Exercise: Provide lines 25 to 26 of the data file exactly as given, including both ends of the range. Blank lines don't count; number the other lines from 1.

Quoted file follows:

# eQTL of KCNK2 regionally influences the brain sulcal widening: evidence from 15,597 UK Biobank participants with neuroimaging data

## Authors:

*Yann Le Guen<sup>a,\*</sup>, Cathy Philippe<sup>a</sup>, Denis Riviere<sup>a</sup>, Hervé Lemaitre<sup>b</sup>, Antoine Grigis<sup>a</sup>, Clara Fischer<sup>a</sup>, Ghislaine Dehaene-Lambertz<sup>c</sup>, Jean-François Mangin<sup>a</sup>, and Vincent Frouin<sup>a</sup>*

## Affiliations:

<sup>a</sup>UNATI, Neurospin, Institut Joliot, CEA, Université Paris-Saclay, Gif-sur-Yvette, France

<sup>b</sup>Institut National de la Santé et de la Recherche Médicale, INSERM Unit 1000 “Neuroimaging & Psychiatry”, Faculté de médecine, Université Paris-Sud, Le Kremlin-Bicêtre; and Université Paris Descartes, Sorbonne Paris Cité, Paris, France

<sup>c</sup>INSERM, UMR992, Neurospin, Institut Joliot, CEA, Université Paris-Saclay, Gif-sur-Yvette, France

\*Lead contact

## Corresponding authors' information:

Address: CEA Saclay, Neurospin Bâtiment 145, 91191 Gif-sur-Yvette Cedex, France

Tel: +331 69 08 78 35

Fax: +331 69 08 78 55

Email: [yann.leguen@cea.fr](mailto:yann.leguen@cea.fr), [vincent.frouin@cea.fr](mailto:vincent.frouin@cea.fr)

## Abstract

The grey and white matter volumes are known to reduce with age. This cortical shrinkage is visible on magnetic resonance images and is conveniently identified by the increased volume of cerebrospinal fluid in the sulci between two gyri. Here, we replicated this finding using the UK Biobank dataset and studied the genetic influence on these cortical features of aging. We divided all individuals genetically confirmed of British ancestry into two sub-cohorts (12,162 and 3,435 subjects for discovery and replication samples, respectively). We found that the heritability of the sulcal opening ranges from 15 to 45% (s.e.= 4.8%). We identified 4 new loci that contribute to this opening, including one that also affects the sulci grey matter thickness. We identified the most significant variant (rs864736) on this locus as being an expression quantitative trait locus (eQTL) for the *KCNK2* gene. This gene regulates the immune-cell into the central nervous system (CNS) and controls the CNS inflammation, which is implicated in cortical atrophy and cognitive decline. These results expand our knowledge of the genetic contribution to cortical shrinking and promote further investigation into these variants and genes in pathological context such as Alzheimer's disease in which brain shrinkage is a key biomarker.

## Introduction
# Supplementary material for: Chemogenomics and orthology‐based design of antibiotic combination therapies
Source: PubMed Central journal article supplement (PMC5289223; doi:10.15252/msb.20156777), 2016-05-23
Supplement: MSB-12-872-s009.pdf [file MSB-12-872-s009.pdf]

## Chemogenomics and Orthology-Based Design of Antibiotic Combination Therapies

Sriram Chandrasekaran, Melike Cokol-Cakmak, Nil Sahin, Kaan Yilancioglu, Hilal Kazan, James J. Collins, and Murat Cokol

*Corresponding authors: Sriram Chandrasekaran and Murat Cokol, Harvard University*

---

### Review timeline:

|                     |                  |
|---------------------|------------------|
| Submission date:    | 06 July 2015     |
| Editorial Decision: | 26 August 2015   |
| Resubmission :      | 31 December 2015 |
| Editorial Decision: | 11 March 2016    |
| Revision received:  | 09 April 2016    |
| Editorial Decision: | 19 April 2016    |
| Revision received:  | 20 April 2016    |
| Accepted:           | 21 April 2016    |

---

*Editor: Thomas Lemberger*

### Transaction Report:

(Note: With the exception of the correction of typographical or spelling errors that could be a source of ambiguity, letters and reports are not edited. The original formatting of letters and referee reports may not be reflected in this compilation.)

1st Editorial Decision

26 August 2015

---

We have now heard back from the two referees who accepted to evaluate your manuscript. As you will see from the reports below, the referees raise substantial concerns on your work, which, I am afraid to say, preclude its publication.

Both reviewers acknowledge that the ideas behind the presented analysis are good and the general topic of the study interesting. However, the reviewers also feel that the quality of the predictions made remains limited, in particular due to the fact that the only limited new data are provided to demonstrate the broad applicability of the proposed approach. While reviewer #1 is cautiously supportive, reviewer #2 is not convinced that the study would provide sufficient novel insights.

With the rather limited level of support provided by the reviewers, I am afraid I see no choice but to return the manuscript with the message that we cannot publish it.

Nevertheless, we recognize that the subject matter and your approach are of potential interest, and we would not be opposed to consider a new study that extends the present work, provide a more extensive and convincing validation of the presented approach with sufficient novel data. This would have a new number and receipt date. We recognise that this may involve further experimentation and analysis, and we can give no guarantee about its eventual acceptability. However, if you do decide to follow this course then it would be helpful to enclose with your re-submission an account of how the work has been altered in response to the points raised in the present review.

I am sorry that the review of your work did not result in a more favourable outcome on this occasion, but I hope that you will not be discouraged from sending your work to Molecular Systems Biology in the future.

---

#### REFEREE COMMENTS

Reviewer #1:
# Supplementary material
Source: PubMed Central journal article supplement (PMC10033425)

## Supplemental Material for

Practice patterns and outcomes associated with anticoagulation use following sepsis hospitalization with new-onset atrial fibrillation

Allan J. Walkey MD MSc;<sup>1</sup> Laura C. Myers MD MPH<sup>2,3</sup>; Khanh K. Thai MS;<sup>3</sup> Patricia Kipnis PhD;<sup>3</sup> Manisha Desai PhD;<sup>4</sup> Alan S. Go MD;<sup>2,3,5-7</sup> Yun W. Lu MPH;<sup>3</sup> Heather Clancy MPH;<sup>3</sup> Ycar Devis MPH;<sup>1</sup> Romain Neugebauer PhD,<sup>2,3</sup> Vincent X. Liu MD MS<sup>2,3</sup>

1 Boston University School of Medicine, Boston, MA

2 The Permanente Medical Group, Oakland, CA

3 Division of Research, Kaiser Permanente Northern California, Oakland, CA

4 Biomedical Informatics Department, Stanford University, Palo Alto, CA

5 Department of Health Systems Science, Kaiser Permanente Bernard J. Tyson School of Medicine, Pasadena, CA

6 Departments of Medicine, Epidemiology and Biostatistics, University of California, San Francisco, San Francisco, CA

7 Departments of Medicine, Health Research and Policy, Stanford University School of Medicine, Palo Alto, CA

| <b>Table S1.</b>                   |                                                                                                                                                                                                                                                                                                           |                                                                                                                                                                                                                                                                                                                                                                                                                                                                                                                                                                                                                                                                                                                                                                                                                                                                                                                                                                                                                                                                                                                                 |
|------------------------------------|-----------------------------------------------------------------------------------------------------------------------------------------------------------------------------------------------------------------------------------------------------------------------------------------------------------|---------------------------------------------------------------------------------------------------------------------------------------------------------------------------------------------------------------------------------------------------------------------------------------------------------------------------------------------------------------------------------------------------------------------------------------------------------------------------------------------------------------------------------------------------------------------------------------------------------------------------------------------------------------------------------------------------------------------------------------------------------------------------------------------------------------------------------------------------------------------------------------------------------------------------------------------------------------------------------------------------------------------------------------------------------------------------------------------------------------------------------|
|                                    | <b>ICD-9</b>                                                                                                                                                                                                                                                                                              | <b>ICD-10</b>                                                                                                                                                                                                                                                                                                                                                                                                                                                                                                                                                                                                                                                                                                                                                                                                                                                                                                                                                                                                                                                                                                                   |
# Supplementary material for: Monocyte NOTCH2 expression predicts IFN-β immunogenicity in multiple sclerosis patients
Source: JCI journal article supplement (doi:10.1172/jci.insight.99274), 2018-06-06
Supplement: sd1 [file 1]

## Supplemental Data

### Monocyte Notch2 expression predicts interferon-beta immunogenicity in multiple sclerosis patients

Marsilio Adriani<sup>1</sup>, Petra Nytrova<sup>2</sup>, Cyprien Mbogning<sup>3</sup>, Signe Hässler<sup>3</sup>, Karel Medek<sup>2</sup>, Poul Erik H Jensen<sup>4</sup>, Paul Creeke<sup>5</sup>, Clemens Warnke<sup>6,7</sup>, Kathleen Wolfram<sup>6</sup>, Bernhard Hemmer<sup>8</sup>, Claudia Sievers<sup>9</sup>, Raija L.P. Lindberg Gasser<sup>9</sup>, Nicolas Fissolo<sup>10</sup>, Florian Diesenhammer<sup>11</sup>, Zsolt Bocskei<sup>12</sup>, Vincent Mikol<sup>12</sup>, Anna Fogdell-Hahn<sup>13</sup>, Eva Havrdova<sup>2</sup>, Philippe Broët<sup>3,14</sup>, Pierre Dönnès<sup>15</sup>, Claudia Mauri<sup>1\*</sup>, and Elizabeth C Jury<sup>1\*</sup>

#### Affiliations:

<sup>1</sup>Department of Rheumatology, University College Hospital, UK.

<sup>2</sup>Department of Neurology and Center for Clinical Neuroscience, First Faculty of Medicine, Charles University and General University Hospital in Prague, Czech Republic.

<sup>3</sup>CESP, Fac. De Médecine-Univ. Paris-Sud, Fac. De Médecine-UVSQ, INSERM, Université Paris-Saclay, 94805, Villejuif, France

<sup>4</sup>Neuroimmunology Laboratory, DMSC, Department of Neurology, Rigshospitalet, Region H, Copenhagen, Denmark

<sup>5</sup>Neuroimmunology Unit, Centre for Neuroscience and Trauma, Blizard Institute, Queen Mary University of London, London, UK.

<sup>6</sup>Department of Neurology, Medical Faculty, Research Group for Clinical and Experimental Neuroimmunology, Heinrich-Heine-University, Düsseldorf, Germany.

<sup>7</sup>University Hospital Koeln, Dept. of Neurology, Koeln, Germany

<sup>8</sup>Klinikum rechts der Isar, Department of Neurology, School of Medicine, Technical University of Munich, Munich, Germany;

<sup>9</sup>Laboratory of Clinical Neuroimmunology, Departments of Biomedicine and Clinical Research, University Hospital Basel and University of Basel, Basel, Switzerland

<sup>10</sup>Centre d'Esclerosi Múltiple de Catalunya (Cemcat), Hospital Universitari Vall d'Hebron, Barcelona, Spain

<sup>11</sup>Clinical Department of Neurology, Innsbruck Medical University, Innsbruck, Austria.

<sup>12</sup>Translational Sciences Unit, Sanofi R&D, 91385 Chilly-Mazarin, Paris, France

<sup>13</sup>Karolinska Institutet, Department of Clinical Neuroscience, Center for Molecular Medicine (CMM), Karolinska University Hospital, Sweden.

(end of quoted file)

|                     |                  |
|---------------------|------------------|